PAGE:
In 2017, the Dodgers had a -0.69 clutch rating which was 13th overall, above the league-average of -1.54. The year prior, they were at +0.23. This year, the league-average is -1.14, and the Dodgers rank dead last at -7.80. Sound bad? That’s because it is. In fact, it’s almost unbelievably bad. To put this into context, the clutch statistic goes back to 1974, which means it accounts for 45 years in total. When compiling all the individual team seasons over 45 years, that comes out to 1,258 seasons. The 2018 Dodgers rank 1,255th of those 1,258. Yes, that means there have only been three teams over the last 45 years that have been less clutch than the Dodgers have been this year —— the 2016 Twins, 2005 Indians, and 2015 Reds.

With the record setting 2016 Twins, in 2015 they were at a +3.87 clutch rating, and in 2017 they were at +1.99. Essentially similar performances, with all of a sudden the worst clutch season of all time put between them. This demonstrates that usually there is no real correlation with relatively similar rosters year to year. The 2018 Rockies are at +3.90 this year which ranks them 82nd of those 1,258. The combination of the Rockies over-performing, and the Dodgers drastically under-performing has this division race tight. The 2018 Red Sox rank 8th of 1,258, with an impressive +6.29 offensive clutch rating. Still, they were at 2.11 last year, and -2.61 the year prior which again points to the lack of correlation between these seasons. The simple explanation is that it’s hard if not impossible to justify that clutch performance is a legitimate skill. Plus, with extreme variance from year to year with nearly identical rosters, it doesn’t make sense to point to roster turnover either. In the Dodgers case, it’s simply just under-performance when it’s needed most. The Dodgers are just worse this year than almost any team has ever been.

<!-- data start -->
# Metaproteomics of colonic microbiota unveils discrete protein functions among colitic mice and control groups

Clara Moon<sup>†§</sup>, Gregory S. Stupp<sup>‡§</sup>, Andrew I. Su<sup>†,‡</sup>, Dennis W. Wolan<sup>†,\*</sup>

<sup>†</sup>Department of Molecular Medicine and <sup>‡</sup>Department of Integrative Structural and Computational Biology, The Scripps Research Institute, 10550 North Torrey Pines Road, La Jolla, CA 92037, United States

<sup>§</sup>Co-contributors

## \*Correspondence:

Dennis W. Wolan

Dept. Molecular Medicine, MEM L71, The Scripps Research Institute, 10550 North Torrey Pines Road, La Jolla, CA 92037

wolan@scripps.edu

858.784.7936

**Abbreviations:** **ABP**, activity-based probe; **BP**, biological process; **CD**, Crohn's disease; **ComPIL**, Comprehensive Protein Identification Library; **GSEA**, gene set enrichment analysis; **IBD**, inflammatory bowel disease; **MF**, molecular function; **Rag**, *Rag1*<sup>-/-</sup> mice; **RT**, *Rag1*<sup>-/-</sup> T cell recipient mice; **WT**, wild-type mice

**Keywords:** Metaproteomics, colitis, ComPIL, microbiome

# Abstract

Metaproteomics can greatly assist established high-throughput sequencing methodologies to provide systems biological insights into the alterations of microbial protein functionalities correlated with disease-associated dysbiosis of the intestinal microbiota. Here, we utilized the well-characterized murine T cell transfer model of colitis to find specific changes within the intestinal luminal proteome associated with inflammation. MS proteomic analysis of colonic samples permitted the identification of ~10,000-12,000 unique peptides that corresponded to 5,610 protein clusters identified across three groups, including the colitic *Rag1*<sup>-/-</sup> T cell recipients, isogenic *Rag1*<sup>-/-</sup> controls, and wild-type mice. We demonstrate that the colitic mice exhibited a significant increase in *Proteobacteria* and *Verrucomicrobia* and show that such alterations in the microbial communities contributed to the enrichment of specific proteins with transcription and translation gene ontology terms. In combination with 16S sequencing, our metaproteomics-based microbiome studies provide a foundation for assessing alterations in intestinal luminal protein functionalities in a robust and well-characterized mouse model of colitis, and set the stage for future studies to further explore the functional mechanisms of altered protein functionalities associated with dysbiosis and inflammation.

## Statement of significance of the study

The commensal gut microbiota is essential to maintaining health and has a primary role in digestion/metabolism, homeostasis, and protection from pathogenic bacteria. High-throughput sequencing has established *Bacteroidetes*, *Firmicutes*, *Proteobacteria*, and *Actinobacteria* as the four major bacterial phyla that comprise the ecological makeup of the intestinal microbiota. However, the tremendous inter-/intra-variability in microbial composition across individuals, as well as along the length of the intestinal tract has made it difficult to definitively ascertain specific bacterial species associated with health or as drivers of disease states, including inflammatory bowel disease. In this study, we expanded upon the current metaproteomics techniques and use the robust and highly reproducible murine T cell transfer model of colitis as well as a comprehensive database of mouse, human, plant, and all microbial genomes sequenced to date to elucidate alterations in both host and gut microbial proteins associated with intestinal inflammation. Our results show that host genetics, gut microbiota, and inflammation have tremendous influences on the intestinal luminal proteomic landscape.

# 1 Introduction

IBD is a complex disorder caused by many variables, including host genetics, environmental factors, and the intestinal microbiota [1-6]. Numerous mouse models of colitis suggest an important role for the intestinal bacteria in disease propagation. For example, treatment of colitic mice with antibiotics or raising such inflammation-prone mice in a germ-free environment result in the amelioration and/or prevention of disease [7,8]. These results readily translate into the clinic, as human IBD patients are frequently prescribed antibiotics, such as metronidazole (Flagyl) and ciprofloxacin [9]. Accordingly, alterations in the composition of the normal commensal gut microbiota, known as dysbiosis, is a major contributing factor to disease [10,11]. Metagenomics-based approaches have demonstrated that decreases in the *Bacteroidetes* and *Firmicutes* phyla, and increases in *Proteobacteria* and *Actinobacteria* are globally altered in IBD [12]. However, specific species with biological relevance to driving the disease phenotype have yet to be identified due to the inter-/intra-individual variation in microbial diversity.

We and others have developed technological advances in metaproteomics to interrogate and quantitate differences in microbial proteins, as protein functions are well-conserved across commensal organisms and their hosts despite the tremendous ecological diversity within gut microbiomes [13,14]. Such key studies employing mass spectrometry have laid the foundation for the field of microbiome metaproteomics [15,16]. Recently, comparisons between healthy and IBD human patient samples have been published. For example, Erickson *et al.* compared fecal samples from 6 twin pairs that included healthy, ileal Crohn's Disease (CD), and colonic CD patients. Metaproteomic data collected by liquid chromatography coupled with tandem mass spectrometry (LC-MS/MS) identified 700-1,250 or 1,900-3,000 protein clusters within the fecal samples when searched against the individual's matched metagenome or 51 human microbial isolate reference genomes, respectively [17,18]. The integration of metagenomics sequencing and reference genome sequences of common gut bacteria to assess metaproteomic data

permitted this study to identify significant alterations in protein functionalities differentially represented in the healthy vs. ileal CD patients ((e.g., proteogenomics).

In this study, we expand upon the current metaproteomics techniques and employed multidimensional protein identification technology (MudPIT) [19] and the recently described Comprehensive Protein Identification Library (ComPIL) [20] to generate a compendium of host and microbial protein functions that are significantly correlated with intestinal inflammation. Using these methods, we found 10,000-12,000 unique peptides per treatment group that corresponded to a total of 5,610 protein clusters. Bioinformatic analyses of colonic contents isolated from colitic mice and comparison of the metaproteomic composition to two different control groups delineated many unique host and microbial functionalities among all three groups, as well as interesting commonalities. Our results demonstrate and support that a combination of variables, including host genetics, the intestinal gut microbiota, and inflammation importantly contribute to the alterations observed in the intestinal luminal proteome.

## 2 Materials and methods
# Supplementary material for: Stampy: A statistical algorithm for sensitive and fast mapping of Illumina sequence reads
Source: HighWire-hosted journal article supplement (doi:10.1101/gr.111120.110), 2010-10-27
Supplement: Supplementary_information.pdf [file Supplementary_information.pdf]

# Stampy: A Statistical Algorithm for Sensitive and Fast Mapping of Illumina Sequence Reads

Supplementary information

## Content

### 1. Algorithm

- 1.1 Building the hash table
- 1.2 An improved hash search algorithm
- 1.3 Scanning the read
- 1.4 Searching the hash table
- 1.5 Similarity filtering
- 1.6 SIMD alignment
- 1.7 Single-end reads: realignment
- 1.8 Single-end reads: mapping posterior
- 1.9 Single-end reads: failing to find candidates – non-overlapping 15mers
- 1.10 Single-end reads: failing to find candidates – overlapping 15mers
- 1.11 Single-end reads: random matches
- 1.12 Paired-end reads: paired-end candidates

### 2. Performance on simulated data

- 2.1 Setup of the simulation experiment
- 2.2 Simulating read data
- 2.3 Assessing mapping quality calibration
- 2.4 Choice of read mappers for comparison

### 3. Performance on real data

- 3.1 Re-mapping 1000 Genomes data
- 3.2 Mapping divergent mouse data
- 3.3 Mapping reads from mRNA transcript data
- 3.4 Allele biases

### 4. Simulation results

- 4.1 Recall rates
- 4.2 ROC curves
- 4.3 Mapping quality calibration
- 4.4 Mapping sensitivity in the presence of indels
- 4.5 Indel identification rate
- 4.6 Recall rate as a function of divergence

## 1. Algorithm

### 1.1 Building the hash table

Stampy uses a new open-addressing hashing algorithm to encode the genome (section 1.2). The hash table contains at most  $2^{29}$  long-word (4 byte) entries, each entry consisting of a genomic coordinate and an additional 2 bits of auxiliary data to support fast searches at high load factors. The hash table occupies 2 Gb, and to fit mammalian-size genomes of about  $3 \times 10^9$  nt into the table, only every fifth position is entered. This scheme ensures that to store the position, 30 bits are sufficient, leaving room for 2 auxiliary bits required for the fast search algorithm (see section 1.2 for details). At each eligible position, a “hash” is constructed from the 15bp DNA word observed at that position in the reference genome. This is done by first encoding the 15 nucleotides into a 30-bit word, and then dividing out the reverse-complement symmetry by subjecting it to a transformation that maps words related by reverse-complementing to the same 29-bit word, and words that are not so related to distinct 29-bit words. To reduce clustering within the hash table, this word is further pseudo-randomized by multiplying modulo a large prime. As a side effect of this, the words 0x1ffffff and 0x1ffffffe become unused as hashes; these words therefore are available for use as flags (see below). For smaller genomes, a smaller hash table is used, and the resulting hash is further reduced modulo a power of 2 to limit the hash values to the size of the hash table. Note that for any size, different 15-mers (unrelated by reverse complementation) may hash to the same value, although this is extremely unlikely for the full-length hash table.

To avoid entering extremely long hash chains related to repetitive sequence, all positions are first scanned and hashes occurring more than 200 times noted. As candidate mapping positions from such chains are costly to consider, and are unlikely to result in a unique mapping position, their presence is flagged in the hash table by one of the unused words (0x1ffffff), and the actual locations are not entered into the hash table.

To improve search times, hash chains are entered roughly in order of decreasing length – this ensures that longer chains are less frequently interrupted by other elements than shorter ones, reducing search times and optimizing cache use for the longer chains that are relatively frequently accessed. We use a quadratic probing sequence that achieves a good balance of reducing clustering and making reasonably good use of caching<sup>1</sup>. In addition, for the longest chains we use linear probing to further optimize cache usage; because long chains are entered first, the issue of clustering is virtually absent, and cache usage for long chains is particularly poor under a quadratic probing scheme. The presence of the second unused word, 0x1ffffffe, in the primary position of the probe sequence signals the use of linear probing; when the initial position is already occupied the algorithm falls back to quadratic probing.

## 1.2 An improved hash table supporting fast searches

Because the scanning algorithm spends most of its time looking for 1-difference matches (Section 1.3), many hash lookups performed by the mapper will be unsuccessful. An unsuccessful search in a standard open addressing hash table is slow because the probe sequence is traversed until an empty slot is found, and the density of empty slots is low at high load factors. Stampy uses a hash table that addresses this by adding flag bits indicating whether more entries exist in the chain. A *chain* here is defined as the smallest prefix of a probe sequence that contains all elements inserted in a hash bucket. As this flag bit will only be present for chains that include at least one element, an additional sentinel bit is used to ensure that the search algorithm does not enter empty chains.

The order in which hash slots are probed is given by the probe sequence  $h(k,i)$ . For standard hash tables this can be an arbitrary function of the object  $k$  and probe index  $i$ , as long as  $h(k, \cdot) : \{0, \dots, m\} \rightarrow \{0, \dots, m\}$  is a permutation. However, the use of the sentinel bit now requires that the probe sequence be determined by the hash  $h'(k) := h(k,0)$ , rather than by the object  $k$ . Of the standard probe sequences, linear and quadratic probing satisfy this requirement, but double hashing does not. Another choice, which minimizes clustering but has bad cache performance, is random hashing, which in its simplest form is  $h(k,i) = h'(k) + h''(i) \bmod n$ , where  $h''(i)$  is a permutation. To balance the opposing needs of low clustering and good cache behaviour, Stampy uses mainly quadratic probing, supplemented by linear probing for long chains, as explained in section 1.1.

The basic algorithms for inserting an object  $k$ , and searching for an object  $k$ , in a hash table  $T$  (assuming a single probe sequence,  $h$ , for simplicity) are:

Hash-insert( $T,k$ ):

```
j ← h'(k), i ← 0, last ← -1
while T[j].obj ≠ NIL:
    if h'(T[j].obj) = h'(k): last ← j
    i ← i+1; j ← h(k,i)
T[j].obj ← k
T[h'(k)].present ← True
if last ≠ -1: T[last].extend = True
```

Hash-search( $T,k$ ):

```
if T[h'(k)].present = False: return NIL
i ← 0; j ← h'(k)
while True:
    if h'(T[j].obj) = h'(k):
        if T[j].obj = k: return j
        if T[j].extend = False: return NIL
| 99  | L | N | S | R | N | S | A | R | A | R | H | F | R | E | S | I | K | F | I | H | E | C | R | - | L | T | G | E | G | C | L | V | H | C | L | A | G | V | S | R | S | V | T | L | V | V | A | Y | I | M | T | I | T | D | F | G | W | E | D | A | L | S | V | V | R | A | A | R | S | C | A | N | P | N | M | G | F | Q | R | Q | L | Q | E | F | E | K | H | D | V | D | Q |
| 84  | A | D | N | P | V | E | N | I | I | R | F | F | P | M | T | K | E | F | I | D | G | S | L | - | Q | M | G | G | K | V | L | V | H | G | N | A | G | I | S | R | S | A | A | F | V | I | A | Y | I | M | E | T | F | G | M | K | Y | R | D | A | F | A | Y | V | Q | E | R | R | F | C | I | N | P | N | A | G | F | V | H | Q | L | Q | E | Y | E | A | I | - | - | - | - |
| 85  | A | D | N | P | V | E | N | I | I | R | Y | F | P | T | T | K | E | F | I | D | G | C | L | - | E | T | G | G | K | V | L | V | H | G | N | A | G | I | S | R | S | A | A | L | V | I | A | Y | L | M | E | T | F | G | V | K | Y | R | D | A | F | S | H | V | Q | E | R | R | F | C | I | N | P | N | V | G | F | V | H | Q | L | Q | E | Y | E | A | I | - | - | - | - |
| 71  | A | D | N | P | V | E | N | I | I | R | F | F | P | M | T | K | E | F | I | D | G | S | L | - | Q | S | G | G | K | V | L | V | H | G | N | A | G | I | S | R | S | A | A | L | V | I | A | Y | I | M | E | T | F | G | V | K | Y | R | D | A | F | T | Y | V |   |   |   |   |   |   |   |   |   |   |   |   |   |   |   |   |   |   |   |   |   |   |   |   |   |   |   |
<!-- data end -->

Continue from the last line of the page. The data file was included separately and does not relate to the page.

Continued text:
When looking for any individual outliers in performance with RISP, there isn’t much to point to as a clear and easy fix.

The only two hitters with any real consistency are Turner and Machado, two of the top hitters in all of baseball. There are a handful of issues with taking any real meaningful information from this. One is that the sample size year-to-year for full-time players is between 120-160 plate appearances, and with the way the Dodgers rarely start the same players on a day to day basis, the sample sizes are even smaller. Additionally, if players have large platoon splits, it can be misleading to see that someone performed poorly over 90 total plate appearances. If they were in unfavorable situations facing same-handed pitchers, that’s not indicative of their true talent and expected performance moving forward — the same thing can be true in the opposite manner. Austin Barnes led the team last year with RISP with a 180 wRC+, while this year he’s at 38. Without looking at anything else besides those two numbers, it’s possible to say Barnes just got much worse at hitting with RISP, however this doesn’t account for the fact that he just dropped off so much overall that in turn he’s significantly worse in every single situation. Chris Taylor and Cody Bellinger had break out seasons last year, and as the league has adjusted, their performance has dropped off. Max Muncy has a team leading 164 wRC+ with runners in scoring position, but that could easily drop off next year as the league adjusts to him.

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All in all, between the abysmal start to the season which put them in a huge hole, the miserable performance with runners in scoring position and in the clutch, and the overall drop-off in bullpen performance, it’s relatively clear to see where the Dodgers lost a handful of games compared to their projected standings. It’s actually incredible that they’re even in playoff contention despite all of this. At the end of the day, it’s baseball, and sometimes that’s just the way things go.

About Allan Yamashige

Allan Yamashige
Just a guy living in Thousand Oaks, CA who happens to love the Dodgers and statistics. I'm currently studying at Moorpark Community College and plan on transferring into UC Santa Cruz's Business/Economics/Computer Science program. Hated baseball practice as a kid, but writing about adults doing baseball is alright.